The Northwest Region (known before 2008 as the Northwest Province) is the third most populated province in Cameroon. It has one major metropolitan city, Bamenda, with several other smaller towns such as Wum, Kumbo, Mbengwi, Ndop, Nkambé, Batibo, Bambui, Bafut and Oshie. The province saw an increase in its population from approximately 1.2 million in 1987 to 1.8 million in 2010.[11] The population density of 99.12 people per square kilometer is higher than the national average of 22.6. The provincial urban growth rate is 7.95%, higher than the national average of 5.6%, while the rural growth rate, at 1.16%, is equal to the national rate. In 2001, according to the Statistical Provincial Services of the North-West Province, the population of the province is young, with over 62% of its residents being less than 20 years old. Therefore, the dependency rate in the province is high, particularly in the rural areas.

Divisions of Northwest Cameroon

Like other regions in Cameroon, the Northwest Region is made up of administrative divisions. The province was created in 1972 with five divisions or departments: Bui, Donga-Mantung, Menchum, Mezam, and Momo. Today, it has seven divisions, the additions being Boyo, which was carved out of the Menchum division, and Ngo-Ketunjia or Ngoketunjia, split off from the Mezam division. Each division is further subdivided, with thirty-one total subdivisions in the Northwest Province. The basic unit of local government is the council, and there are thirty-two councils in the region.


Historical population
YearPop.±% p.a.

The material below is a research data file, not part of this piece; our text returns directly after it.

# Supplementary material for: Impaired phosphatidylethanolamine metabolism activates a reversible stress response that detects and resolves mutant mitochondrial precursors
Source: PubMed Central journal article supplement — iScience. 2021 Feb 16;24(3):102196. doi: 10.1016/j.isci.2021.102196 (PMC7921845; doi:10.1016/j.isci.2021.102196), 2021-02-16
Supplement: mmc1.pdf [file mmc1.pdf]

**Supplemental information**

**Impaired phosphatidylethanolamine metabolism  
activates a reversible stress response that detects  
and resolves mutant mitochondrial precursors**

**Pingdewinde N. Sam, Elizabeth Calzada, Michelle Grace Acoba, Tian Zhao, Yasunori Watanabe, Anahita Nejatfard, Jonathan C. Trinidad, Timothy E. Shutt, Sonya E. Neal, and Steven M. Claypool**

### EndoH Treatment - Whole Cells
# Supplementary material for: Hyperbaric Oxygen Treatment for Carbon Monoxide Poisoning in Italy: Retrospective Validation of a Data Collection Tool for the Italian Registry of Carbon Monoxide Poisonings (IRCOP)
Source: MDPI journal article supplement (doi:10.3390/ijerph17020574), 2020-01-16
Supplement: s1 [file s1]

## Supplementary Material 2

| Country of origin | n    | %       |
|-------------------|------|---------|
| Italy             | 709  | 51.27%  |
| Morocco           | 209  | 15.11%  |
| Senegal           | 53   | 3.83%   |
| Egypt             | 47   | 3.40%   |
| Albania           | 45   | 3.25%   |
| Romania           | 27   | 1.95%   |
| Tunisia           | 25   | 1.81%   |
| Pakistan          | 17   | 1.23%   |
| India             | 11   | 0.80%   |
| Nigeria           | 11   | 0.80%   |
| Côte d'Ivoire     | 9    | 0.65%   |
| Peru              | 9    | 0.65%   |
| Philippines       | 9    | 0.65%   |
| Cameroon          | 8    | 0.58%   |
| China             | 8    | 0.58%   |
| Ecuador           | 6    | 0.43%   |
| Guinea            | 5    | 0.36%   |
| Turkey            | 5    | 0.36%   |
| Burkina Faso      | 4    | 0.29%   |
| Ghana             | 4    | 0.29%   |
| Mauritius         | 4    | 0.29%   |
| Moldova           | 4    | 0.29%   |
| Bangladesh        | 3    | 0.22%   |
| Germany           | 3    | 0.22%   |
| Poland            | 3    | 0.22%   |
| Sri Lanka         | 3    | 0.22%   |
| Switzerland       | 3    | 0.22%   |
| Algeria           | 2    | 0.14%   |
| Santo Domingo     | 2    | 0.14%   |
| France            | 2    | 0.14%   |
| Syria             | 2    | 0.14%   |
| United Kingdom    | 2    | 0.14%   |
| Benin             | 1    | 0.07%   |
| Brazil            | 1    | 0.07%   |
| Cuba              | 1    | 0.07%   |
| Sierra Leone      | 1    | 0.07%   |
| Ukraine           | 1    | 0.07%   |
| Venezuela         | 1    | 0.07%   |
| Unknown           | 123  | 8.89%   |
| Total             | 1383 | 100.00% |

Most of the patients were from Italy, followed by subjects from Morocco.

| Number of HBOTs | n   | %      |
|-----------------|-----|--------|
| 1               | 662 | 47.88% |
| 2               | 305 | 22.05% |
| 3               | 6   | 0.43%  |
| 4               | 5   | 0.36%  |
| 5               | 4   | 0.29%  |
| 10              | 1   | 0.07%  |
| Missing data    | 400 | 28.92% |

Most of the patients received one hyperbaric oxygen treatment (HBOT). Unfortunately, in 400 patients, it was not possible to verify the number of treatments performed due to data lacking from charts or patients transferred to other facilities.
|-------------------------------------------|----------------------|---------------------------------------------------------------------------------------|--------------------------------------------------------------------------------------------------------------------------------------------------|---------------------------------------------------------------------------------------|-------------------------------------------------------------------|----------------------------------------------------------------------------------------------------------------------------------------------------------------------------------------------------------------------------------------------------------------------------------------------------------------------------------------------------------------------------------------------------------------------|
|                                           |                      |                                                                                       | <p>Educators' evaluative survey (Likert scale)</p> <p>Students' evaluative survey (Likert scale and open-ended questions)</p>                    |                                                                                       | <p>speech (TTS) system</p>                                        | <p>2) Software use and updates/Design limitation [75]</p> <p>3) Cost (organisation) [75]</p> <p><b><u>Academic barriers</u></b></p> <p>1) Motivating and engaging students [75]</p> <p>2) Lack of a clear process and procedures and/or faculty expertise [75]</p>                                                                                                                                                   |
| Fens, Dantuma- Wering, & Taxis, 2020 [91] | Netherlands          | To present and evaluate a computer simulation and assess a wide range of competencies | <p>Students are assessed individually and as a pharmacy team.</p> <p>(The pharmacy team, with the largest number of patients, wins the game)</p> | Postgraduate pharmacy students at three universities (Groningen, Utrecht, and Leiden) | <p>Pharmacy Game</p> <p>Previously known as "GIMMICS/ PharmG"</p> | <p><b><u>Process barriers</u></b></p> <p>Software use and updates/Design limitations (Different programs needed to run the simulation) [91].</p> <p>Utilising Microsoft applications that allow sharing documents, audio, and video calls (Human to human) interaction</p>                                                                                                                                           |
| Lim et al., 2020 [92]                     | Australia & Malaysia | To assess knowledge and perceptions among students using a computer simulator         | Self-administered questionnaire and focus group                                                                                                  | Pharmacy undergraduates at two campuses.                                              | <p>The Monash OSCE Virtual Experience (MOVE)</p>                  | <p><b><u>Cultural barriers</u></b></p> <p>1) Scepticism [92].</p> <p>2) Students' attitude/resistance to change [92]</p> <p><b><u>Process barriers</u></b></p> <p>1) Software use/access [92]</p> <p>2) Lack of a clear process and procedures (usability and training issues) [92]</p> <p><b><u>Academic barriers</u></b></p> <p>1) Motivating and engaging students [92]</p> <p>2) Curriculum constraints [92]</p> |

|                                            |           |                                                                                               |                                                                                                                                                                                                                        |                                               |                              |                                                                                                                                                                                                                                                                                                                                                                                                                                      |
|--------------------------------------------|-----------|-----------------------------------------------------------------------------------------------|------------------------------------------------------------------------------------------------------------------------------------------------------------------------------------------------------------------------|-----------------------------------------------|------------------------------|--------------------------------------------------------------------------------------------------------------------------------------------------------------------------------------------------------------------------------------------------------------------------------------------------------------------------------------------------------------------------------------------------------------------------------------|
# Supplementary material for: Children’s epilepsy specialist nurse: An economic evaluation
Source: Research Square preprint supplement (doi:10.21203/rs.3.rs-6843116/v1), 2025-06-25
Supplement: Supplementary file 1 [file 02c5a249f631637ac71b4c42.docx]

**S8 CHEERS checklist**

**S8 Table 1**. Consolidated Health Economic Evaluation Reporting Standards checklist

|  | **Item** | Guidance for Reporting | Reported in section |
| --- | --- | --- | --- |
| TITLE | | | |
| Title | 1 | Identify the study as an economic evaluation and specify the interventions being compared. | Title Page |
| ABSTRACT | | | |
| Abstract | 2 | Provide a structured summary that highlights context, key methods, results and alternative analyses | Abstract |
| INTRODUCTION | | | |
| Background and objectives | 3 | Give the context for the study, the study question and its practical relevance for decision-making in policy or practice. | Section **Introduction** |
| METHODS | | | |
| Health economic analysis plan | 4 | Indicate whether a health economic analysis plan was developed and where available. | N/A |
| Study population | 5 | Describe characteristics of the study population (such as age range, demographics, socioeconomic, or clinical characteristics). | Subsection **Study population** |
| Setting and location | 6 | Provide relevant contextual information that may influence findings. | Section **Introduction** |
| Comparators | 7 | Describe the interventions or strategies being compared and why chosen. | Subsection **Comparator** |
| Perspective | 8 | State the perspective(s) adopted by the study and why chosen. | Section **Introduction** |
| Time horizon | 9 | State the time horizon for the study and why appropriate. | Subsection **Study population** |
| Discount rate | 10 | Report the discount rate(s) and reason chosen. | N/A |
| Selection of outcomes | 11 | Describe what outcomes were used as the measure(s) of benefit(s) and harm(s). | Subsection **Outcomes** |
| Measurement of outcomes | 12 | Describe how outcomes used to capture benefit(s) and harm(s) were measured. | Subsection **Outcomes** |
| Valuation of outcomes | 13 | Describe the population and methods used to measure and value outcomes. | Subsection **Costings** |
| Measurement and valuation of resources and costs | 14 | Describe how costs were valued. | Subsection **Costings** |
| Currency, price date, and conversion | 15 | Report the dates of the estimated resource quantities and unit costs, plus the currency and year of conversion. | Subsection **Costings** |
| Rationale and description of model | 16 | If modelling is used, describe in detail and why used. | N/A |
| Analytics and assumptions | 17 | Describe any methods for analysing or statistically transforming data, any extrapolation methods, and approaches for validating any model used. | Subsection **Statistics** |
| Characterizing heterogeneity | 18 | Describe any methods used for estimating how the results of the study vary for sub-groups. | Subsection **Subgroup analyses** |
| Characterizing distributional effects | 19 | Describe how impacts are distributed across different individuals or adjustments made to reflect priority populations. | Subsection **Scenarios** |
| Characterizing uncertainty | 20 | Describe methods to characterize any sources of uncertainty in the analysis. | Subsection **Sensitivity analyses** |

Drums and xylophones are part of the traditional music of the Northwest.

The Northwest Region has many ethnic groups, including immigrants from other regions and countries. Nigeria is well represented, as it borders the region to both the north and the northwest. The native population comprises a variety of ethnic and linguistic groups. The main ethnic groups are of Tikar origin: Tikari, Widikum, Fulani, and Moghamo. The most widely spoken languages in the province include Mungaka, Limbum, Yamba, spoken by the Yamba people also of the Donga Mantung Division; Bafmen, Oku, Lamnso, Ngemba, Pidgin English, Balikumbat, Papiakum, Moghamo, and Nkom. During the colonial period, administrative boundaries were created which cut across ethnic groups and cultures. As a result, parts of some ethnic groups now lie in different divisions and provinces, which is believed to have led to several land conflicts.[citation needed]

Traditional dance display of Wimbum in Nkambe in dry season
Commercialized version of an elephant juju traditional to Oku. Jujus (masker societies) are a survivor of the traditional culture, still appearing for death ceremonies.[13]